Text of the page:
Mapping people, places, and characteristics of urban spaces is essential for understanding cities and their residents in the Global South, and data visualization is crucial for development interventions, whether they come from a government upgrading program or an NGO-driven community initiative. URB.im recently highlighted several successful projects using mapping technologies, including government subsidies in Bogotá, urban initiatives in Cairo, bottom-up upgrading in Cape Town, a more traditional top-down approach in Curitiba and an environmental impact study in Mexico City.
The Dharavi slum in Mumbai has long been a mapping mystery: the lack of accurate figures on who lives there, where they came from, and what services are available is cause for speculation, despite many counting attempts. In the 1980's, an appointed committee decided that a detailed exercise in data collection was too "painstaking," and opted instead to do an aerial survey. The committee counted a population of 250,000, but it's hard to distinguish where one house ends and another begins from an aircraft. To determine a more accurate view of the informal settlement, the National Slum Dwellers Federation and its partner organization SPARC launched a community-led census where they trained residents and, most importantly, had them report back to their neighborhoods on a daily basis. Transparency is extremely important in data gathering: households are more willing to give information to neighbors they know than to government-sent enumerators. This survey produced vastly different numbers (the slum population was now estimated to be over 600,000), and also a bigger picture: although planners viewed Dharavi as one single slum, residents saw themselves as part of a number of settlements, each with a distinct identity.
Colombia has adopted a unique formula for the distribution of subsidies: the official stratification of housing, whereby cities are legally divided into different layers. Bogotá is divided into six layers: residents in the richer layers pay a surcharge in their utilities bill, to directly subsidize the utilities for residents of poorer layers. Layers are determined based only on physical characteristics of the buildings and its surroundings, to avoid taking into account wide fluctuations in income over short periods of time in lower income populations, and preventing fraud in income reporting of the wealthy. Stratification does risk of furthering segregating the city, but the program has been successful in providing utilities to Bogotá's poor.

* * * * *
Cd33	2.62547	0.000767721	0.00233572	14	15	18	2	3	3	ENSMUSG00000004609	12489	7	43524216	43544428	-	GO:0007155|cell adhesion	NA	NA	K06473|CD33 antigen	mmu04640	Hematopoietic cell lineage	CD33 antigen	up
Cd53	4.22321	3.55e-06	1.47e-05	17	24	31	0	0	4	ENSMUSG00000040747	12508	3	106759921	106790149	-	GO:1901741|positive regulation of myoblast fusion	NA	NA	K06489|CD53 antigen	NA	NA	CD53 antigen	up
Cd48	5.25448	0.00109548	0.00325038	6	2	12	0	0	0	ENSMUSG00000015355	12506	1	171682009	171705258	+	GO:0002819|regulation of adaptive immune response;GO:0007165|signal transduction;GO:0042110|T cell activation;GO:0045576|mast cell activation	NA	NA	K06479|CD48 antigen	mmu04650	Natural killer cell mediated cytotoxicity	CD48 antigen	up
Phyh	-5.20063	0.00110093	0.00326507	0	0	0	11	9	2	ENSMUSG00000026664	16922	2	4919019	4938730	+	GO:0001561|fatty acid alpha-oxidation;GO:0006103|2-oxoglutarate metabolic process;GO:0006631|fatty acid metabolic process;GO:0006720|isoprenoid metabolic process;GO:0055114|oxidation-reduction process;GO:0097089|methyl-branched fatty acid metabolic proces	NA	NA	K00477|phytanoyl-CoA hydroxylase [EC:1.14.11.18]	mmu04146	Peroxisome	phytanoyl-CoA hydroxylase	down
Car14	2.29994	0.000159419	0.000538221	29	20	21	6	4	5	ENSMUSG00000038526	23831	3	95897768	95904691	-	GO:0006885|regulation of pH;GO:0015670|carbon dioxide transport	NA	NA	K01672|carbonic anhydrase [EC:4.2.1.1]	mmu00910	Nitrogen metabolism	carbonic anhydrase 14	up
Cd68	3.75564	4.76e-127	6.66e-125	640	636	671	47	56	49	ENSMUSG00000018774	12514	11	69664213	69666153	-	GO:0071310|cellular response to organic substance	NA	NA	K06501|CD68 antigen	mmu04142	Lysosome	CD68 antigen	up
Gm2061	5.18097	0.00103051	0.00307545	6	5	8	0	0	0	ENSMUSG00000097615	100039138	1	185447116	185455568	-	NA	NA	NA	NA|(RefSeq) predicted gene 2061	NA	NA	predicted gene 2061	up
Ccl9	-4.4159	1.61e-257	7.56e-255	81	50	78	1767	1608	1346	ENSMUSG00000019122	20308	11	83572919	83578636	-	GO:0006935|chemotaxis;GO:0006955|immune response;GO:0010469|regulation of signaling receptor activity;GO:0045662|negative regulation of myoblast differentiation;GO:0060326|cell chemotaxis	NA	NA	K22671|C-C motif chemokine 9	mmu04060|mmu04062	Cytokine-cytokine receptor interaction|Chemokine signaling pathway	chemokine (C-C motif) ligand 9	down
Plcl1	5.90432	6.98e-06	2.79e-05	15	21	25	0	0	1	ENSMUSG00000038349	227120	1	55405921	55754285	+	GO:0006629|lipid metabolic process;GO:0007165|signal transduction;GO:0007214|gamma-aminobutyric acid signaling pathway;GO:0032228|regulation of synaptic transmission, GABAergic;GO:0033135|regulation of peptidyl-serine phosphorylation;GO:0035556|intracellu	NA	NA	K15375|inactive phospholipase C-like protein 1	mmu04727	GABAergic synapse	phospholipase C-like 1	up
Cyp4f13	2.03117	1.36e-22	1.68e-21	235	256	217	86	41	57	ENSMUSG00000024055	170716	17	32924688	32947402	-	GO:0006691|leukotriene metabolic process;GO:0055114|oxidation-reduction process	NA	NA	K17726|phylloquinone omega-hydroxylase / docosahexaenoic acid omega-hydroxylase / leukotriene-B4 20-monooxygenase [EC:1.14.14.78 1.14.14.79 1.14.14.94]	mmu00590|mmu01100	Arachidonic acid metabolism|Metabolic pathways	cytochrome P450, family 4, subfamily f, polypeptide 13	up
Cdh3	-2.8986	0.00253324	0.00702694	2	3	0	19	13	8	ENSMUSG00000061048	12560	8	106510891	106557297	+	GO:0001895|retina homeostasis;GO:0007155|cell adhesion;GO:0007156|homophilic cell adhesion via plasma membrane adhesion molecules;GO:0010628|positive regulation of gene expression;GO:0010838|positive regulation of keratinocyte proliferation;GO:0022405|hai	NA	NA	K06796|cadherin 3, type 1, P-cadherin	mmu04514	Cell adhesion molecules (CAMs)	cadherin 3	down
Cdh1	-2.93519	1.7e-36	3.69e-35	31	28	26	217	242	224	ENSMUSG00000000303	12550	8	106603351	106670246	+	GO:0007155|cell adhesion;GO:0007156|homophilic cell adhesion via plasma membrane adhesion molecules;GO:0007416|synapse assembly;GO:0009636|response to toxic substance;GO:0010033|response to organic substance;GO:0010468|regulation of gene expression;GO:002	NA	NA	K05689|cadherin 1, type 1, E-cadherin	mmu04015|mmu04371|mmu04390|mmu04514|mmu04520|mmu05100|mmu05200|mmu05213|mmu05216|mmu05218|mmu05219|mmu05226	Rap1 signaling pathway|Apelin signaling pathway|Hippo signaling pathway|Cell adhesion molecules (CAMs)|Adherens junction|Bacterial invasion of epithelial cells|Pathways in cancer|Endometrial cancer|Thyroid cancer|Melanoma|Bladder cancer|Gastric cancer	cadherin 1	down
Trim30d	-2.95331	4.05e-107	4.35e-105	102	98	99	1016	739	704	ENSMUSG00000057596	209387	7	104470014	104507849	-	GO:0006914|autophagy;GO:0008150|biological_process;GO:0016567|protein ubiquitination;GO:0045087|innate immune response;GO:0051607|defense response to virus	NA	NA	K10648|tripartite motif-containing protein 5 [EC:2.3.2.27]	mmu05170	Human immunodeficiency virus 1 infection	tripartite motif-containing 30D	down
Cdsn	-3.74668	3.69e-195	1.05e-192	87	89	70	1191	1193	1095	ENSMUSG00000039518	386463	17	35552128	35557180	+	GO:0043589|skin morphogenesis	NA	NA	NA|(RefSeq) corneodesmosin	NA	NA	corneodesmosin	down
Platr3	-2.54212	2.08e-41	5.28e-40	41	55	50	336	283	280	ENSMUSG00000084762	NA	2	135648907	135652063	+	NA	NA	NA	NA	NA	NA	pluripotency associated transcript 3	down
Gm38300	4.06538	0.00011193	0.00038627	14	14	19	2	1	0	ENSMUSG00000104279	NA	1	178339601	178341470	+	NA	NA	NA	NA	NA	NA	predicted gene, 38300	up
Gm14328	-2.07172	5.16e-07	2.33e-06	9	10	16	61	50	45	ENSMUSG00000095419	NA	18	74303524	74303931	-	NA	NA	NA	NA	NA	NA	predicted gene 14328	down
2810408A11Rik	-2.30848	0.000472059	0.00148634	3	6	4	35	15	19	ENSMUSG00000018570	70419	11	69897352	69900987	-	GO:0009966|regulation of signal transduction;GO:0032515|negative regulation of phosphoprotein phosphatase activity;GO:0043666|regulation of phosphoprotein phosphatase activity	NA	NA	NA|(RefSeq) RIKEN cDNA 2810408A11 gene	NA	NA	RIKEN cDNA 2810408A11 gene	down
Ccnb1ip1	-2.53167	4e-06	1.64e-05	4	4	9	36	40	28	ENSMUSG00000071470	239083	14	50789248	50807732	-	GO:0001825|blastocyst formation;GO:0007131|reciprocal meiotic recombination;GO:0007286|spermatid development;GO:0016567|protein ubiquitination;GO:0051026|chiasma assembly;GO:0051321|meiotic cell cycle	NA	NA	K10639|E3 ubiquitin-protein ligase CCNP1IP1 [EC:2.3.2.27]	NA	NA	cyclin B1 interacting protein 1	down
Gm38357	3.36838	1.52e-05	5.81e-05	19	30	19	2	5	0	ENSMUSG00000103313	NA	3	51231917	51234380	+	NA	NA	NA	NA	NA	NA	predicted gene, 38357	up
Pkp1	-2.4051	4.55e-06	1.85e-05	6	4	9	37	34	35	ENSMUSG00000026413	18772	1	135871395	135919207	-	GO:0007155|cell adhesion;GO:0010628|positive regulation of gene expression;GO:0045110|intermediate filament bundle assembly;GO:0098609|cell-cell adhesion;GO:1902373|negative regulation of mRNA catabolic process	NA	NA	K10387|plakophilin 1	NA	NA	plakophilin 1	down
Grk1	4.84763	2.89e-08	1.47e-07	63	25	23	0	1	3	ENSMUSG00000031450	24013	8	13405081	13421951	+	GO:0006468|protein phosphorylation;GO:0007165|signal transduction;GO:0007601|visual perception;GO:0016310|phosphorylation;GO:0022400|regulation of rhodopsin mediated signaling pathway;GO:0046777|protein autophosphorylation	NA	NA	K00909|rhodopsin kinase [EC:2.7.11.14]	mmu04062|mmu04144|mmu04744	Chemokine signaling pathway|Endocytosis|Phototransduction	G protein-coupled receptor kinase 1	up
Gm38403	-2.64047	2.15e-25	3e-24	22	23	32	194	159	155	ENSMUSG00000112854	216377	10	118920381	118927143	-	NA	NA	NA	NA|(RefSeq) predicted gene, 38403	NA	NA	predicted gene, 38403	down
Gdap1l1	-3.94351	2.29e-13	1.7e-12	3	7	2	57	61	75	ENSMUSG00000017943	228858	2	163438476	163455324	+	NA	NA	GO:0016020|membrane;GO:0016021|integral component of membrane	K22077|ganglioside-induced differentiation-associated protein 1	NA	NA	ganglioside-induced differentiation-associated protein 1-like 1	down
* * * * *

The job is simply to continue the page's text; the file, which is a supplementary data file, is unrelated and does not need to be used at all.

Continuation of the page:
The Cairo Urban Initiatives Platform (CUIP) is a newly launched bilingual Arabic/English online platform produced by the Cairo Lab for Urban Studies, Training and Environmental Research. It maps the multiple architecture, art, advocacy, urban development, and interdisciplinary initiatives addressing issues related to the city, the urban environment, and public space in Cairo. CUIP includes a calendar of events based on further interaction between initiatives, organizations, and individuals working with public space. CUIP is a unique and robust database and this initiative is a pioneering tool for social good in Cairo.